Posted in #20 Books of Summer 2016, Book Review, Books I have read

The Little Stranger – Sarah Waters #20booksofsummer

Book 6

Little Stranger
Historical Fiction 4*s

It is so difficult to fit this book into anyone genre. It could be historical, being set just after World War Two in post-war Britain but it has far stronger elements of the supernatural than I would contemplate if it were other author, and there is a bit of the psychology of the characters to boot.

Dr Faraday first visits Hundreds Hall in rural Warwickshire as a young boy where he accompanied his mother to the elegant mansion. We first meet him though when he returns as a General Practioner to visit a young servant girl who is laid up in bed who mentions something strange which Dr Faraday swiftly dismisses. However, it isn’t long before he becomes a more frequent visitor over time when he becomes bewitched by the household, and by Hundreds Hall itself.

The wonderful storytelling is enacted through the eyes of this disappointed middle-aged GP, Dr Faraday, who has got to the stage in life where he wonders quite how everything has passed him by. He still lives in cramped rooms, never having the means or the need to invest in anything more. He has his close friends which are married but little else, beyond his work to fill the hours of his day but a family of his own has eluded him.

Normally I am very anti anything supernatural in a book, something I wonder if Sarah Waters was aware of, because although this is for those who want it to be, a ghost story, it can almost be read as a series of events which it is perhaps easiest to blame on the supernatural. Well that’s my justification for enjoying this book quite as much as I did – the rest of you can all enjoy a super scary ghost story to frighten the bejeebers out of you!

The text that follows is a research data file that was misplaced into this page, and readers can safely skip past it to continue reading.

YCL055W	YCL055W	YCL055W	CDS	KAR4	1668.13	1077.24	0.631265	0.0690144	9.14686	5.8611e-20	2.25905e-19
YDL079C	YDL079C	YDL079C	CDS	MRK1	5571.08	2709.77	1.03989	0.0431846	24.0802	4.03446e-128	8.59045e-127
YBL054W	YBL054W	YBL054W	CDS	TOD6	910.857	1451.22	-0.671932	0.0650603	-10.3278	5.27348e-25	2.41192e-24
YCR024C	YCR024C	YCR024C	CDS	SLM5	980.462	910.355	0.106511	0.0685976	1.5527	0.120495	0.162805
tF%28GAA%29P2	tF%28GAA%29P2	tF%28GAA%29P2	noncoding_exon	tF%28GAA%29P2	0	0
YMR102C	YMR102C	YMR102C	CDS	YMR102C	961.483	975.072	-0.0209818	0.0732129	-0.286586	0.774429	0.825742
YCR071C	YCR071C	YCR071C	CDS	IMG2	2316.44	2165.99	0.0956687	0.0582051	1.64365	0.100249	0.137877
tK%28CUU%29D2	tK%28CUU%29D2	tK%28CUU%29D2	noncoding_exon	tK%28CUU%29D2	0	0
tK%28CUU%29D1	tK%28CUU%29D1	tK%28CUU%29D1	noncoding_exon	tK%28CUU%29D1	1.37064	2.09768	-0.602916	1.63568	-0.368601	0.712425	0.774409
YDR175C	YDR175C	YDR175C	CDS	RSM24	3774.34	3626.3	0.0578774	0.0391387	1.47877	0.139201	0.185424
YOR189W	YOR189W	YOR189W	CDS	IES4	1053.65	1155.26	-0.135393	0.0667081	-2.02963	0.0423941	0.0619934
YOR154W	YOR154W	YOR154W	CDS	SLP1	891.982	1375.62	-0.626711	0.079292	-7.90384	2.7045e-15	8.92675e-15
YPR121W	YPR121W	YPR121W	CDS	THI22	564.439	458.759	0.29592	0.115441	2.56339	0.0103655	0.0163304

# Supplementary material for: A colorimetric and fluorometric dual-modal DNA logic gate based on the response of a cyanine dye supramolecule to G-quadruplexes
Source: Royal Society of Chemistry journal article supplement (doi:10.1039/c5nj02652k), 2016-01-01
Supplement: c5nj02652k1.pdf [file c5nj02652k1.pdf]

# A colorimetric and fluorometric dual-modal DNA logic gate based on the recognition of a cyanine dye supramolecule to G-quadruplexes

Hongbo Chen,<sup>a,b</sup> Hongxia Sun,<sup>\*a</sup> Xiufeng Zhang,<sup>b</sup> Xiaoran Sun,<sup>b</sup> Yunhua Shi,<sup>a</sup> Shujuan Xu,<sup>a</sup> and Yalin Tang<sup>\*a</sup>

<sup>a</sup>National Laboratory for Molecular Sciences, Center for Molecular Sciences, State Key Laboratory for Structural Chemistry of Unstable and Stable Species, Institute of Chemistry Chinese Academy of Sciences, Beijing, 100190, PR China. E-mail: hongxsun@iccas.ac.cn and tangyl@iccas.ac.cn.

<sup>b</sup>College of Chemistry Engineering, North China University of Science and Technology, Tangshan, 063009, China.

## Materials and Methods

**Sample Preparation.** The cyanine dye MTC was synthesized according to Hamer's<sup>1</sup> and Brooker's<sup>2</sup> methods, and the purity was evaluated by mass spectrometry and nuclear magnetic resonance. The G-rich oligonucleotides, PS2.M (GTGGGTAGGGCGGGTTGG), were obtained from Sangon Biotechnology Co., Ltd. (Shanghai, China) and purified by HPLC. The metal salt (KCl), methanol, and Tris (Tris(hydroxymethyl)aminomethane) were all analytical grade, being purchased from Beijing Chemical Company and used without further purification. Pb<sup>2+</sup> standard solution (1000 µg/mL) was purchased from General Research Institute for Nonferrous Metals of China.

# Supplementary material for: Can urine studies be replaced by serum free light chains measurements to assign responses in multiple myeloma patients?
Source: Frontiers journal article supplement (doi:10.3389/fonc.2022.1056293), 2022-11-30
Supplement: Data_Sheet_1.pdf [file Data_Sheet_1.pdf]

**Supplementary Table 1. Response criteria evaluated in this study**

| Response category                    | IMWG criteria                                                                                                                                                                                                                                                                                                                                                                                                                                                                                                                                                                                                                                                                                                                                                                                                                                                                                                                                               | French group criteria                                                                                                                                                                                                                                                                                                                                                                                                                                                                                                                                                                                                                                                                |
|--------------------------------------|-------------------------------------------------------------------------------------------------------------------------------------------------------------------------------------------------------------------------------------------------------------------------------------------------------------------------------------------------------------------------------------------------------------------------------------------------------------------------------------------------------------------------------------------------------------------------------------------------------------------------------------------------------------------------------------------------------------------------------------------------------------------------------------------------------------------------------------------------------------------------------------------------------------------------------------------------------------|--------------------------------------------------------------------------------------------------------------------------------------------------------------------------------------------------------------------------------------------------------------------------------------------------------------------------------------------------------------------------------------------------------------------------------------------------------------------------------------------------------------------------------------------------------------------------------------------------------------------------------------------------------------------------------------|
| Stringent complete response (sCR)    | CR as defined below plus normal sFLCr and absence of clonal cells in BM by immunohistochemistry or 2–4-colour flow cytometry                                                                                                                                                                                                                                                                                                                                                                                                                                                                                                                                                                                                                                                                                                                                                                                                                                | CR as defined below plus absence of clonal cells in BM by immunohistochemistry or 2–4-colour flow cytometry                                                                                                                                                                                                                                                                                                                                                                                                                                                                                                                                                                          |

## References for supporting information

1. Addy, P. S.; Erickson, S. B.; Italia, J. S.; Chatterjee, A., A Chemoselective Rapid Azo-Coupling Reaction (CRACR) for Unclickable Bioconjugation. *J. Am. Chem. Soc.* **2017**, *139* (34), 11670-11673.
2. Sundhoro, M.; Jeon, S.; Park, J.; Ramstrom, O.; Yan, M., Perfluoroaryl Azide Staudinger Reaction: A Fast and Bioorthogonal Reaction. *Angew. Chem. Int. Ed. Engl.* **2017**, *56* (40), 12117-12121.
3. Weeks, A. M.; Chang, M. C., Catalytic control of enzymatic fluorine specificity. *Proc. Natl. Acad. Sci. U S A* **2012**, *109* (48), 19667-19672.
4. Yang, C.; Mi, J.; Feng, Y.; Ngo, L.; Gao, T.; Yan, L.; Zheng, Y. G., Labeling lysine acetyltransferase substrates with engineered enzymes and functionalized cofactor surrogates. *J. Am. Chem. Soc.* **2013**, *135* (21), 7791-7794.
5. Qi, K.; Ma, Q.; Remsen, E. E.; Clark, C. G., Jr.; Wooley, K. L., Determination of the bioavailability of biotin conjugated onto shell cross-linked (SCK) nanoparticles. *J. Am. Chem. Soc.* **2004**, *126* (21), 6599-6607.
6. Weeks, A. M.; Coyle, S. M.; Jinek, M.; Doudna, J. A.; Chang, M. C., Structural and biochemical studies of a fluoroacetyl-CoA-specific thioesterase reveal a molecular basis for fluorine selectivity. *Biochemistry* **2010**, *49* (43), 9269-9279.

The household consists of the elderly Mrs Ayers, her son Roderick who has recently returned from the war and her daughter, the spinsterish Caroline. It is clear from the outset that this is a household who have fallen upon hard times. The Hall is much diminished since the days when Dr Faraday’s had that childhood visit, the retinue of staff have fallen away leaving just a housemaid Betty and Mrs Rush, the daily woman. With many of the rooms locked up those that remain in use are literally disintegrating around the family, with wallpaper peeling and the rain finding holes to drip through the roof. Ultimately this is a character driven novel, set at a particular point in history and the tale that unfolds is disturbing in the extreme as small events become more frequent causing disquiet to spread to every nook and cranny of Hundreds Hall